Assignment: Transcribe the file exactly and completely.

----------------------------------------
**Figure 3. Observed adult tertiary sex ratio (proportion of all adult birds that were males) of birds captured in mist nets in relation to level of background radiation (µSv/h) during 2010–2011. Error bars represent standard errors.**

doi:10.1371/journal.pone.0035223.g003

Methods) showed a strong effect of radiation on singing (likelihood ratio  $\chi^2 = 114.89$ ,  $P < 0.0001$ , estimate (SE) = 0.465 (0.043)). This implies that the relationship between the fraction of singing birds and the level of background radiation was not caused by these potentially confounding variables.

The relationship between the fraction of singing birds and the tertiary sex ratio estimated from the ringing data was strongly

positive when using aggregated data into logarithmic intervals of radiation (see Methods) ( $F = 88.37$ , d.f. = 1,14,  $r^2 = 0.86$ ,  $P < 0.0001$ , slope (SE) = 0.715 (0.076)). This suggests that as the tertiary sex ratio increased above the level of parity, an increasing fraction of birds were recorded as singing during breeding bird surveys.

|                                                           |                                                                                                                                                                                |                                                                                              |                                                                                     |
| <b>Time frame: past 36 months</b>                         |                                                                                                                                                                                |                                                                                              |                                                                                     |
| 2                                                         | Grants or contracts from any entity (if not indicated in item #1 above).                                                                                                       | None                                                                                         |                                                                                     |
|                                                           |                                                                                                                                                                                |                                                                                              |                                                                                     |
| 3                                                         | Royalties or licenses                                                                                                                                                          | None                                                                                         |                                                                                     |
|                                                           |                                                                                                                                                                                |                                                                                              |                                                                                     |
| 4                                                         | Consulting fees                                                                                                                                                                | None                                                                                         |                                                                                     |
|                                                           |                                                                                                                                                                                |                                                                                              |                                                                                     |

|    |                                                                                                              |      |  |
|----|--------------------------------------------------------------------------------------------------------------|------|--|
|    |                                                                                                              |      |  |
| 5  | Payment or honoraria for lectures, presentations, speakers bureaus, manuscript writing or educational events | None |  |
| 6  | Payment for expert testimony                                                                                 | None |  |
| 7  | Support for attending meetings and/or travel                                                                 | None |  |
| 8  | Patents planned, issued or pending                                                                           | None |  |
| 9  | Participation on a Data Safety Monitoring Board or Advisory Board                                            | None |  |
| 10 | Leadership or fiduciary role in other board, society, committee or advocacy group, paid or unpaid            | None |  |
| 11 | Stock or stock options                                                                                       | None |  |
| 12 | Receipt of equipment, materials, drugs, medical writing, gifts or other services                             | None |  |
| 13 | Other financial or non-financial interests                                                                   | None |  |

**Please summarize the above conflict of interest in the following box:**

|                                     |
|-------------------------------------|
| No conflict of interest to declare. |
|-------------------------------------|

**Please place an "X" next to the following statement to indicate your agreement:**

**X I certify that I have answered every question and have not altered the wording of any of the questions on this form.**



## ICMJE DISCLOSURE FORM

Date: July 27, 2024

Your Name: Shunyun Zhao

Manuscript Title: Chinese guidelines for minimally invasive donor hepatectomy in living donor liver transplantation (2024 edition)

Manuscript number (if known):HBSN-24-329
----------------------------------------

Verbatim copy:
**Figure 3. Observed adult tertiary sex ratio (proportion of all adult birds that were males) of birds captured in mist nets in relation to level of background radiation (µSv/h) during 2010–2011. Error bars represent standard errors.**

doi:10.1371/journal.pone.0035223.g003

Methods) showed a strong effect of radiation on singing (likelihood ratio  $\chi^2 = 114.89$ ,  $P < 0.0001$ , estimate (SE) = 0.465 (0.043)). This implies that the relationship between the fraction of singing birds and the level of background radiation was not caused by these potentially confounding variables.

The relationship between the fraction of singing birds and the tertiary sex ratio estimated from the ringing data was strongly

positive when using aggregated data into logarithmic intervals of radiation (see Methods) ( $F = 88.37$ , d.f. = 1,14,  $r^2 = 0.86$ ,  $P < 0.0001$ , slope (SE) = 0.715 (0.076)). This suggests that as the tertiary sex ratio increased above the level of parity, an increasing fraction of birds were recorded as singing during breeding bird surveys.

|                                                           |                                                                                                                                                                                |                                                                                              |                                                                                     |
| <b>Time frame: past 36 months</b>                         |                                                                                                                                                                                |                                                                                              |                                                                                     |
| 2                                                         | Grants or contracts from any entity (if not indicated in item #1 above).                                                                                                       | None                                                                                         |                                                                                     |
|                                                           |                                                                                                                                                                                |                                                                                              |                                                                                     |
| 3                                                         | Royalties or licenses                                                                                                                                                          | None                                                                                         |                                                                                     |
|                                                           |                                                                                                                                                                                |                                                                                              |                                                                                     |
| 4                                                         | Consulting fees                                                                                                                                                                | None                                                                                         |                                                                                     |
|                                                           |                                                                                                                                                                                |                                                                                              |                                                                                     |

|    |                                                                                                              |      |  |
|----|--------------------------------------------------------------------------------------------------------------|------|--|
|    |                                                                                                              |      |  |
| 5  | Payment or honoraria for lectures, presentations, speakers bureaus, manuscript writing or educational events | None |  |
| 6  | Payment for expert testimony                                                                                 | None |  |
| 7  | Support for attending meetings and/or travel                                                                 | None |  |
| 8  | Patents planned, issued or pending                                                                           | None |  |
| 9  | Participation on a Data Safety Monitoring Board or Advisory Board                                            | None |  |
| 10 | Leadership or fiduciary role in other board, society, committee or advocacy group, paid or unpaid            | None |  |
| 11 | Stock or stock options                                                                                       | None |  |
| 12 | Receipt of equipment, materials, drugs, medical writing, gifts or other services                             | None |  |
| 13 | Other financial or non-financial interests                                                                   | None |  |

**Please summarize the above conflict of interest in the following box:**

|                                     |
|-------------------------------------|
| No conflict of interest to declare. |
|-------------------------------------|

**Please place an "X" next to the following statement to indicate your agreement:**

**X I certify that I have answered every question and have not altered the wording of any of the questions on this form.**



## ICMJE DISCLOSURE FORM

Date: July 27, 2024

Your Name: Shunyun Zhao

Manuscript Title: Chinese guidelines for minimally invasive donor hepatectomy in living donor liver transplantation (2024 edition)

Manuscript number (if known):HBSN-24-329